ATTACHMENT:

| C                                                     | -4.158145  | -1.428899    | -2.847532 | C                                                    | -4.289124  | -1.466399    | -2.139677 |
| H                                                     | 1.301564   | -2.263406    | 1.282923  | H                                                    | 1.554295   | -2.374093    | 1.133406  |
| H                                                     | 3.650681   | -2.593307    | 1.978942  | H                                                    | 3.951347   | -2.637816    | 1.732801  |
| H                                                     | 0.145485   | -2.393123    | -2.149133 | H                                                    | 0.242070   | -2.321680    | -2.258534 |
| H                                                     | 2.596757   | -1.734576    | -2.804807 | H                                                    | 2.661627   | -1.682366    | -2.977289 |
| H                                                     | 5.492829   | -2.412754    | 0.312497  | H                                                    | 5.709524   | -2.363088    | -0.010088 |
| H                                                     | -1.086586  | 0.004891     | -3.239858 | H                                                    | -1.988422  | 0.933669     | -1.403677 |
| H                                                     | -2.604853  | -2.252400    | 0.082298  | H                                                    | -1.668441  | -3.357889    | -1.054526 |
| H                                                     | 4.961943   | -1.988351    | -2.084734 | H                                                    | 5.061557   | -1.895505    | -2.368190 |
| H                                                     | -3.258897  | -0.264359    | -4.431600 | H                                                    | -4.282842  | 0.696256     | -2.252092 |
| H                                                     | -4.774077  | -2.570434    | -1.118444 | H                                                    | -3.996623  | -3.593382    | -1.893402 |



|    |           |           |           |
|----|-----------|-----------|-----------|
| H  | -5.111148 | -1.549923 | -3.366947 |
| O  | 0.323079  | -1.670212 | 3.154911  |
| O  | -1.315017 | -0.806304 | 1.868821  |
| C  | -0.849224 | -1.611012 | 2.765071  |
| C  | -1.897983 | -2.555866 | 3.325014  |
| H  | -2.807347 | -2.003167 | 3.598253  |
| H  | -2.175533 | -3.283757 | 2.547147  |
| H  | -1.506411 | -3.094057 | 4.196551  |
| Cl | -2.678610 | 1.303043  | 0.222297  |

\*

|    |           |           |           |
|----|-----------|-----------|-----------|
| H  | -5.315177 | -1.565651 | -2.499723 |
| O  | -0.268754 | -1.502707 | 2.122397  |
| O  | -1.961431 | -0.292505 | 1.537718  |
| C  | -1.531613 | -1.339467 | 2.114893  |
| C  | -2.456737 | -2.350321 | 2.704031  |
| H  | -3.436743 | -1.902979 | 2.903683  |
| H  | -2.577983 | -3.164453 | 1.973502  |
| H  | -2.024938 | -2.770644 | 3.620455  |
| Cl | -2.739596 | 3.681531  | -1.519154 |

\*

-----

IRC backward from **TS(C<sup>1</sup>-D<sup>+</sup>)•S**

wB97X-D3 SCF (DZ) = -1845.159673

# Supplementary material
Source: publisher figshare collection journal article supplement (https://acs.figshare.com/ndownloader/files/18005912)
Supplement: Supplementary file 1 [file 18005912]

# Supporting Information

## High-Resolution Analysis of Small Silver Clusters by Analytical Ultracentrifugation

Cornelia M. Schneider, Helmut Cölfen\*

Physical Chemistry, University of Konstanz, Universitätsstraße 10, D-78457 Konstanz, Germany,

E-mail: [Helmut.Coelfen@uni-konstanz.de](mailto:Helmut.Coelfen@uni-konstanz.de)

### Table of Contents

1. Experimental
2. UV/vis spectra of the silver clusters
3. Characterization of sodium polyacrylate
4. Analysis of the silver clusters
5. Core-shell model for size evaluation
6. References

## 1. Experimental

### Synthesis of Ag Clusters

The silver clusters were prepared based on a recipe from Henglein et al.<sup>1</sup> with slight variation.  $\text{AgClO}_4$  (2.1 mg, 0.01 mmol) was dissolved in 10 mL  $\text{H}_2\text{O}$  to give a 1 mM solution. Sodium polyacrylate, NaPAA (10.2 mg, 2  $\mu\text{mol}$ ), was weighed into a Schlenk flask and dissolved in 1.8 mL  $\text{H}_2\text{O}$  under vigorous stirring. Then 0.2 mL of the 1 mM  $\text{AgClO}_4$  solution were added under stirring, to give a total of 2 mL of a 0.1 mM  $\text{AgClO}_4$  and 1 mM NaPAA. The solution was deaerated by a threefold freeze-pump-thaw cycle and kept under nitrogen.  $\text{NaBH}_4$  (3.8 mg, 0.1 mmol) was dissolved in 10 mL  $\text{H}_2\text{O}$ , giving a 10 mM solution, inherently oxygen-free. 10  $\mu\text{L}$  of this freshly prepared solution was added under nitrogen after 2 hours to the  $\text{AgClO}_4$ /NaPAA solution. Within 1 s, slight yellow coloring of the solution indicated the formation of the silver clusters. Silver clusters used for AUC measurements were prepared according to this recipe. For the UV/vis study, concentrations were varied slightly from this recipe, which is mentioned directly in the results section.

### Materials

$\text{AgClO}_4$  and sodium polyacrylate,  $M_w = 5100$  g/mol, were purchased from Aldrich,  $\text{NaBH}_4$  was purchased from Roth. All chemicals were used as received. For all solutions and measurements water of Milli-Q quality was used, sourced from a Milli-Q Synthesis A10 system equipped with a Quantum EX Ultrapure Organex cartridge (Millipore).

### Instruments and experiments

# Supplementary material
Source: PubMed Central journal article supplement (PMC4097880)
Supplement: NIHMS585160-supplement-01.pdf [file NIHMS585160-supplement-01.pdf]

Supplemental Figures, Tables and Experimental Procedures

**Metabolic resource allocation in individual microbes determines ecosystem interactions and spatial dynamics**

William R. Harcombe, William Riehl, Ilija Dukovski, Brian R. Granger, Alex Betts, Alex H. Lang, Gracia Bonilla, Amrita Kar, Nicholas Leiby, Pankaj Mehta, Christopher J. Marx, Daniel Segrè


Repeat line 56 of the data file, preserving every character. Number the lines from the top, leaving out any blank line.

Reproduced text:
The silver clusters were prepared based on a recipe from Henglein et al.<sup>1</sup> with slight variation.  $\text{AgClO}_4$  (2.1 mg, 0.01 mmol) was dissolved in 10 mL  $\text{H}_2\text{O}$  to give a 1 mM solution. Sodium polyacrylate, NaPAA (10.2 mg, 2  $\mu\text{mol}$ ), was weighed into a Schlenk flask and dissolved in 1.8 mL  $\text{H}_2\text{O}$  under vigorous stirring. Then 0.2 mL of the 1 mM  $\text{AgClO}_4$  solution were added under stirring, to give a total of 2 mL of a 0.1 mM  $\text{AgClO}_4$  and 1 mM NaPAA. The solution was deaerated by a threefold freeze-pump-thaw cycle and kept under nitrogen.  $\text{NaBH}_4$  (3.8 mg, 0.1 mmol) was dissolved in 10 mL  $\text{H}_2\text{O}$ , giving a 10 mM solution, inherently oxygen-free. 10  $\mu\text{L}$  of this freshly prepared solution was added under nitrogen after 2 hours to the  $\text{AgClO}_4$ /NaPAA solution. Within 1 s, slight yellow coloring of the solution indicated the formation of the silver clusters. Silver clusters used for AUC measurements were prepared according to this recipe. For the UV/vis study, concentrations were varied slightly from this recipe, which is mentioned directly in the results section.